Poems by Rupsa De

Podunk BITCH!

 

White pajamas, Daisy sunshine

I want my captain home

Tell me “oh, sweet lover mine

Where do sea captains go?” I want my captain home

From Sandy shores of May

And bring me jewels

From a market on Sunday.

 

My mother taught me a song

“call him sir” and he taught me

To keep steady hands all night long

Until from a little child, I grew

 

Mama saw how big I was

And mama wept sad fat tears

She screamed blue in the dawn

“Gone” before the morning could yawn

 

We ran and ran until we stopped

Pretty pink horses at play

Stained my white pajamas white

Held me down, monsters at bay

 

Daisy sunshine, little flowers

White powder on cheek

Mama sits and empty stares

Why doesn’t mama speak?

 

Now the captain battles at sea

I join my hands in prayer

Mama turned me out, my dear

And took a postman near

 

I sleep on streets and wait for light

Powder in hands, powder white.

Fade, I fade into that terrible night

And curses be on that terrible sight

 

Gods, perhaps in sadness delight

I break, I break, oh I break

Tiny metal

Filthy, filthy shipwreck!

 

 

Love runs cold.

 

Mad love,

You come back home

When the streets are dark

With the night’s child

Lying in a pool of blood.

 

Mad love,

You sleep with your eyes open

And walk the endless lanes,

Eyes closed, as if beauty in death

Has embraced you for her lover.

 

Mad love,

You come back and cup my chin

My face is your Hawaiian dream,

A brown land with green trees,

You want to colonise, to turn it over.

 

Mad love,

I am dreaming of sunlight on my skin,

My golden crown, the wide open sea,

In dreams, I don’t feel your fingers

Cracking my jaw open. In dreams,

 

I only run free.

In dreams, time is still.

Mad love, golden prince,

riding on a horse, goodbye,

 

YOUR ALCOHOL IS MAKING THE LANES WEEP.

 

Sita’s going

 

I drew lines around her,

The girl in the yellow dress

To see if she could step out of them.

 

I had heard stories before

Of the one who overstepped

And the dark one who took her away

 

The sun was bright, the yellow

Of her dress burning my eyes,

Curious I drew the boundaries in my mind.

 

She stepped out, I held my breath

The sun shrieked and hid

The dark one came

 

I hadn’t noticed he was in chains

Why did you do it, he asked in tears

The stories taught me well-

 

A woman out of line

Is a woman in need of History

Playing Devourer.

 

 

red cap picture

Rupsa Dey believes in the power of language and cats, and is only allergic to the latter. She is currently pursuing her Masters in English Literature from Jadavpur University. She never says ‘No’ to tea and if given a chance, would like to believe in a world without borders.

Poems by Antoni Ooto

no matter how much rain falls

the end

takes nothing but shadow

 

nature grows backward

 

and her secret

soaks through a waiting field

peace in perfect quietude

like monks dropping the chaff

 

that final vow

 

 

Family Secrets

the unanswered questions,

the difference in our smiles

 

I was listening from that limbo

for someone to answer

 

waiting

for that connection

 

with a voice

like mine

 

waiting

all my life

 

 

Toward the Last

a cloud of medication

its morphine clock

ticking—ticking

 

sitting—watching

standing––waiting

posturing bargains with God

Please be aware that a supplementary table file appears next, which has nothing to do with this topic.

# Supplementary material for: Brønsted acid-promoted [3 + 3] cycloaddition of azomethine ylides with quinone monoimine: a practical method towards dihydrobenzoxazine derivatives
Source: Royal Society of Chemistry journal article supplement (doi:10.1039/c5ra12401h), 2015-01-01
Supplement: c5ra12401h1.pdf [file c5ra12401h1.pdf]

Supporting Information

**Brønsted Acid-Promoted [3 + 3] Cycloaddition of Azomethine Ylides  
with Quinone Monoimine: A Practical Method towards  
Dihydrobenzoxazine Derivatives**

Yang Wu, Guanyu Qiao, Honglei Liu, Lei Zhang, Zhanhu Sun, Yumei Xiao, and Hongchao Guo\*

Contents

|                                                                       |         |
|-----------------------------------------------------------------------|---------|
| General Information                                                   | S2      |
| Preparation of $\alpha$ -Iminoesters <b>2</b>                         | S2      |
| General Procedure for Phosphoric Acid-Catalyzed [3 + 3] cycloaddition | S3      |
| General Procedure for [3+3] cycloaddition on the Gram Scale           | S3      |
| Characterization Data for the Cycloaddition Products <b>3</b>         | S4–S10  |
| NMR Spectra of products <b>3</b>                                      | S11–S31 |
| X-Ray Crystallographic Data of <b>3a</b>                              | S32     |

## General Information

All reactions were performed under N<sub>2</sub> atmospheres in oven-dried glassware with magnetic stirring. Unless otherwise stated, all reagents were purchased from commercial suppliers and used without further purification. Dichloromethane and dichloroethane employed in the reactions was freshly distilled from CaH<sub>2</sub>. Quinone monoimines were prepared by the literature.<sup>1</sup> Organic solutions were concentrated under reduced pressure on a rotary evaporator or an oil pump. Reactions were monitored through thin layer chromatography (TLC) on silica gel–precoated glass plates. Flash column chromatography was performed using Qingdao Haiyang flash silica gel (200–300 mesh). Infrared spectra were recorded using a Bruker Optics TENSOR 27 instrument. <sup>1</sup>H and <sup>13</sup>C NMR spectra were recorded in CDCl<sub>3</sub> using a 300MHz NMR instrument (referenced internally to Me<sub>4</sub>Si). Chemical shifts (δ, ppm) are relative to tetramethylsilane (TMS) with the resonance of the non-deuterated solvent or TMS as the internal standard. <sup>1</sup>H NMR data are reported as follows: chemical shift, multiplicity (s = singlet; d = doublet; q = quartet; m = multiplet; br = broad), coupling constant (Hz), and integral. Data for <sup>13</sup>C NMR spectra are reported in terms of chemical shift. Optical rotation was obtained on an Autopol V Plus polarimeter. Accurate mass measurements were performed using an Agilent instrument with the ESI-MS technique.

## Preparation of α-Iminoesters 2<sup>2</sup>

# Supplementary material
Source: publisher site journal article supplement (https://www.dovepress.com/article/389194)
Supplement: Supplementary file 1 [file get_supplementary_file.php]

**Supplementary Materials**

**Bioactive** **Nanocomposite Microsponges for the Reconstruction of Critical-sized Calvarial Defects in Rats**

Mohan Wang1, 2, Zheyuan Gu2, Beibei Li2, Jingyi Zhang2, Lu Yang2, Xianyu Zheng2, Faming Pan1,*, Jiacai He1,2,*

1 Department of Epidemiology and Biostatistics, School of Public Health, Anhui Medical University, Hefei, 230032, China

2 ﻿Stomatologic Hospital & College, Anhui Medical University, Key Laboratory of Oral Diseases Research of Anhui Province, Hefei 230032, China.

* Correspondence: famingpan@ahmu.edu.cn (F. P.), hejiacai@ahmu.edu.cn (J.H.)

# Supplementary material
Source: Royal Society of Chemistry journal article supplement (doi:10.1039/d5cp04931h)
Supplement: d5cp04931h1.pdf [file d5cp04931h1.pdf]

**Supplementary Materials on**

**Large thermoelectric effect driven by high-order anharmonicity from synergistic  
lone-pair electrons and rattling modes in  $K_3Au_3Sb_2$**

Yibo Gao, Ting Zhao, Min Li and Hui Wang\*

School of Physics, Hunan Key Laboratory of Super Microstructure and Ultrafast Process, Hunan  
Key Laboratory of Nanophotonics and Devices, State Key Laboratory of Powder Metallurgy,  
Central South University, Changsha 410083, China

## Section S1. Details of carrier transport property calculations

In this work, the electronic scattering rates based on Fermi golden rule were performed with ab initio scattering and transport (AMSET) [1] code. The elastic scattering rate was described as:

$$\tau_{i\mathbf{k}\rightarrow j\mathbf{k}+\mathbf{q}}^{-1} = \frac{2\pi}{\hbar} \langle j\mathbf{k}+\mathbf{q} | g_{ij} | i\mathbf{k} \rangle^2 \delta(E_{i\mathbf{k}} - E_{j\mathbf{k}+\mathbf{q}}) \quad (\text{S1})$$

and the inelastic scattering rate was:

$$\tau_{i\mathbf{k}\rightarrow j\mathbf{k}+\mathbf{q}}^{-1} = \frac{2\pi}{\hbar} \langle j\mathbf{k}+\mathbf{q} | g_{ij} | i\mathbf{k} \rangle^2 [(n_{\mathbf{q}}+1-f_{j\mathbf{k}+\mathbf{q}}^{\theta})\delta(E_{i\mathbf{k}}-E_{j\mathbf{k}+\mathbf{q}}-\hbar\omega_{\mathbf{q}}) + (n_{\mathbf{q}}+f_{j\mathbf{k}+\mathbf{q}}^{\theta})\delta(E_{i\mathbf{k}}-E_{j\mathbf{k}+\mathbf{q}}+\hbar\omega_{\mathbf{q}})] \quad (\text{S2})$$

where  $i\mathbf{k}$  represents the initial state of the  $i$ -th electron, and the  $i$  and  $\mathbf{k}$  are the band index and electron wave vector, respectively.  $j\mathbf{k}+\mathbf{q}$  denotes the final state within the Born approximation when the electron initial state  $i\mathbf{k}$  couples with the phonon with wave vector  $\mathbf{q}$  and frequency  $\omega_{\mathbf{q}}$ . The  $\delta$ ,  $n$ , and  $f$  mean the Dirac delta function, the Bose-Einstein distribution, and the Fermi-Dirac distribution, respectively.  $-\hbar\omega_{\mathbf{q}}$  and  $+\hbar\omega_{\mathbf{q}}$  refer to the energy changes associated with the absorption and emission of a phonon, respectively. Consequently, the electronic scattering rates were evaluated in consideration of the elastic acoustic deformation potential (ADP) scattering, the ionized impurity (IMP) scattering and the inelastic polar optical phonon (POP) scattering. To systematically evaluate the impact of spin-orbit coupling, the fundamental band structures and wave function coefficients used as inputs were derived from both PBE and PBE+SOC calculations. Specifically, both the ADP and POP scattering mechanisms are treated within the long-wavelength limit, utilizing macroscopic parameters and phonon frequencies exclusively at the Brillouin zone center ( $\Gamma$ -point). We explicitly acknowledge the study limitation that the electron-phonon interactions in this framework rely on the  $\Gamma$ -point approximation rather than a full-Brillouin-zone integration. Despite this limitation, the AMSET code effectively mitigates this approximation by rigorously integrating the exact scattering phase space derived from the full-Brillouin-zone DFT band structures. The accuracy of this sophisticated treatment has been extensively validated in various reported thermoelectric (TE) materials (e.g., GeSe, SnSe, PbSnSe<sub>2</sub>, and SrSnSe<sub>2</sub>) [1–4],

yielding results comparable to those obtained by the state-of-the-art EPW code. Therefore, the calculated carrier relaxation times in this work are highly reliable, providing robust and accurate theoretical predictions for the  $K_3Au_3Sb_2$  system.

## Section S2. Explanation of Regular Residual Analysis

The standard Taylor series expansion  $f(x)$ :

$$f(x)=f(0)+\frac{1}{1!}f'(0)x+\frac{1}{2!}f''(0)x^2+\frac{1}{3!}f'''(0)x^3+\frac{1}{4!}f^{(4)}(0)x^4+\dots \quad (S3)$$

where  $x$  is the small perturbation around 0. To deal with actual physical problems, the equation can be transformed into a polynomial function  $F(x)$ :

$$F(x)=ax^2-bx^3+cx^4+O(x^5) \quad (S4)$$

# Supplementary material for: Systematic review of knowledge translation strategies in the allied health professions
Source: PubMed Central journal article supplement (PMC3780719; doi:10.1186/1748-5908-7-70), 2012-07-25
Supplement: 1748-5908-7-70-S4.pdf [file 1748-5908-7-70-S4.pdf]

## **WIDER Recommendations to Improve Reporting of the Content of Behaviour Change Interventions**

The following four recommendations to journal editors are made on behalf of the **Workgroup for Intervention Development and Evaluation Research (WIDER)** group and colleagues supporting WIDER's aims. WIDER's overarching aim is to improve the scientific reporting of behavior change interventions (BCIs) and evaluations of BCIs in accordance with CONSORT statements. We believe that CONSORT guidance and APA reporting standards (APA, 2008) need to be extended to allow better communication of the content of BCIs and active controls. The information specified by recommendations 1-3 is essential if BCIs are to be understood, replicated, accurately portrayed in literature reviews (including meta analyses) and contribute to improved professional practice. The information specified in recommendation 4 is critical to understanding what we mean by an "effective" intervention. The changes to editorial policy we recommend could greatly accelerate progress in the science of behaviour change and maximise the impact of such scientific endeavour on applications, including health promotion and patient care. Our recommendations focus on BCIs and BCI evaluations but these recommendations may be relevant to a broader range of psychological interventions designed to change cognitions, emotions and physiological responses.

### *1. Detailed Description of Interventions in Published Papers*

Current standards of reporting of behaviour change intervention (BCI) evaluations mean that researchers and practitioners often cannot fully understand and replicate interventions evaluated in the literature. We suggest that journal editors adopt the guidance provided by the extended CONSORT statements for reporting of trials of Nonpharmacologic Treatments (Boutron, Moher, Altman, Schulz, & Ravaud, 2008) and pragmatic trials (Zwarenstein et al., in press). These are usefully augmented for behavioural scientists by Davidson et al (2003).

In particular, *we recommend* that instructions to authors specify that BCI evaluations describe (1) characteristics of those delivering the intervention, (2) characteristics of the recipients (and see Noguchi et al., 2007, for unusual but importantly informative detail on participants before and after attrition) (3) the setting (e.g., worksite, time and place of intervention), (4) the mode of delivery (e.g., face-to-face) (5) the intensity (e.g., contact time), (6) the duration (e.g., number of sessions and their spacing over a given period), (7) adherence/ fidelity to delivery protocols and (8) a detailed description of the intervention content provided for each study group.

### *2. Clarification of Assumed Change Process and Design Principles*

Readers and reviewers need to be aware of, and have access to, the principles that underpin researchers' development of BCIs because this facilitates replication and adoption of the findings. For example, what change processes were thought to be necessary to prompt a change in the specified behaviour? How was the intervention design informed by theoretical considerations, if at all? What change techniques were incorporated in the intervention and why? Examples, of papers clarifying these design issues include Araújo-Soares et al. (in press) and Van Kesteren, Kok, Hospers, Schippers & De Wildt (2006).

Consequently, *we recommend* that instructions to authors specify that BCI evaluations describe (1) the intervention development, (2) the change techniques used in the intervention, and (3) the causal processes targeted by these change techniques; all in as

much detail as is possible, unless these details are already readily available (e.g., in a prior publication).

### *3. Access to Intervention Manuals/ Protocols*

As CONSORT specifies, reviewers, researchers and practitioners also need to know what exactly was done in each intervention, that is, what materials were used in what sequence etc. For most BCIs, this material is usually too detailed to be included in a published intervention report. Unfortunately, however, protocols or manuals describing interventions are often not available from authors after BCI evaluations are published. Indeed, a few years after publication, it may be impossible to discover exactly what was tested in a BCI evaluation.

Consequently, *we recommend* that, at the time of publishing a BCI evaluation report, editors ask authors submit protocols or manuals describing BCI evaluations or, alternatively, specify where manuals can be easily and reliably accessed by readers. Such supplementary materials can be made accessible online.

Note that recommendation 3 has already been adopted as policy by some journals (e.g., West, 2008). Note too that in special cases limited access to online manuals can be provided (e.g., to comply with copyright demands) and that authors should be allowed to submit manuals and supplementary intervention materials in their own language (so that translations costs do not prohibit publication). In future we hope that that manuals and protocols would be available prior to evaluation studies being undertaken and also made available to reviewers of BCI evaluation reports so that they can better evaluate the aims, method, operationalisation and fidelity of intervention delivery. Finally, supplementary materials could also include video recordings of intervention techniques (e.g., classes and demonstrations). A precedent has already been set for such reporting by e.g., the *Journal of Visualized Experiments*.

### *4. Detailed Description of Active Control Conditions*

we fight…

still… they leave

 

ordinary as breath

simple as sleep.

 

 

Antoni OotoAntoni Ooto is a poet and flash fiction writer. Known for his abstract expressionist art, Antoni now adds his voice to poetry.  His study of many poets has opened and offered him a new form of self-expression. Antoni’s poems have been published by Front Porch Review, Amethyst Review, Nixes Mate Review,  Young Ravens Literary Review, and many others. He lives and works in upstate New York with his wife poet/ storyteller, Judy DeCroce

“Books are Mirrors”: The Power of Literature in Carlos Ruiz Zafón’s The Shadow of the Wind – Somrita Misra

zafon

 

Stephen King once said that “Books are a uniquely portable magic”. In The Shadow of the Wind the power of the written word and books reigns supreme. The novel begins with Daniel, the protagonist, visiting the Cemetery of Forgotten Books with his father for the first time. The reader learns that the cemetery is a rare library of old and little remembered books which is a secret amongst a few select people of Barcelona. Daniel is asked to choose one book from this treasure trove, a book he will have to protect and cherish forever. He chooses The Shadow of the Wind, an unknown novel by an author named Julian Carax. So captivated is Daniel by the book that he determines to discover all he can about Carax. Thus begins Daniel’s adventures and troubles.

     Throughout the novel books and literature connect and intertwine the characters. Daniel and Julian’s lives are connected from the day Daniel finds The Shadow of the Wind in the Cemetery of Forgotten Books. There are also the relationships between Clara and Daniel, Penelope and Julian and Daniel and Beatrice, all of which develop because of their common love for books. Literature has the unique power of helping readers overcome loss, loneliness and grief. The Shadow of the Wind portrays this power through Daniel’s journey through his adolescence. Fitzgerald has famously said: “That is part of the beauty of all literature. You discover that your longings are universal longings, you’re not lonely and isolated from anyone. You belong”. Zafón understands this beauty all too well: we see how Daniel escapes the angst of growing up through books. Julian too finds respite from the brutal horrors of his childhood in the pages of his favorite novels.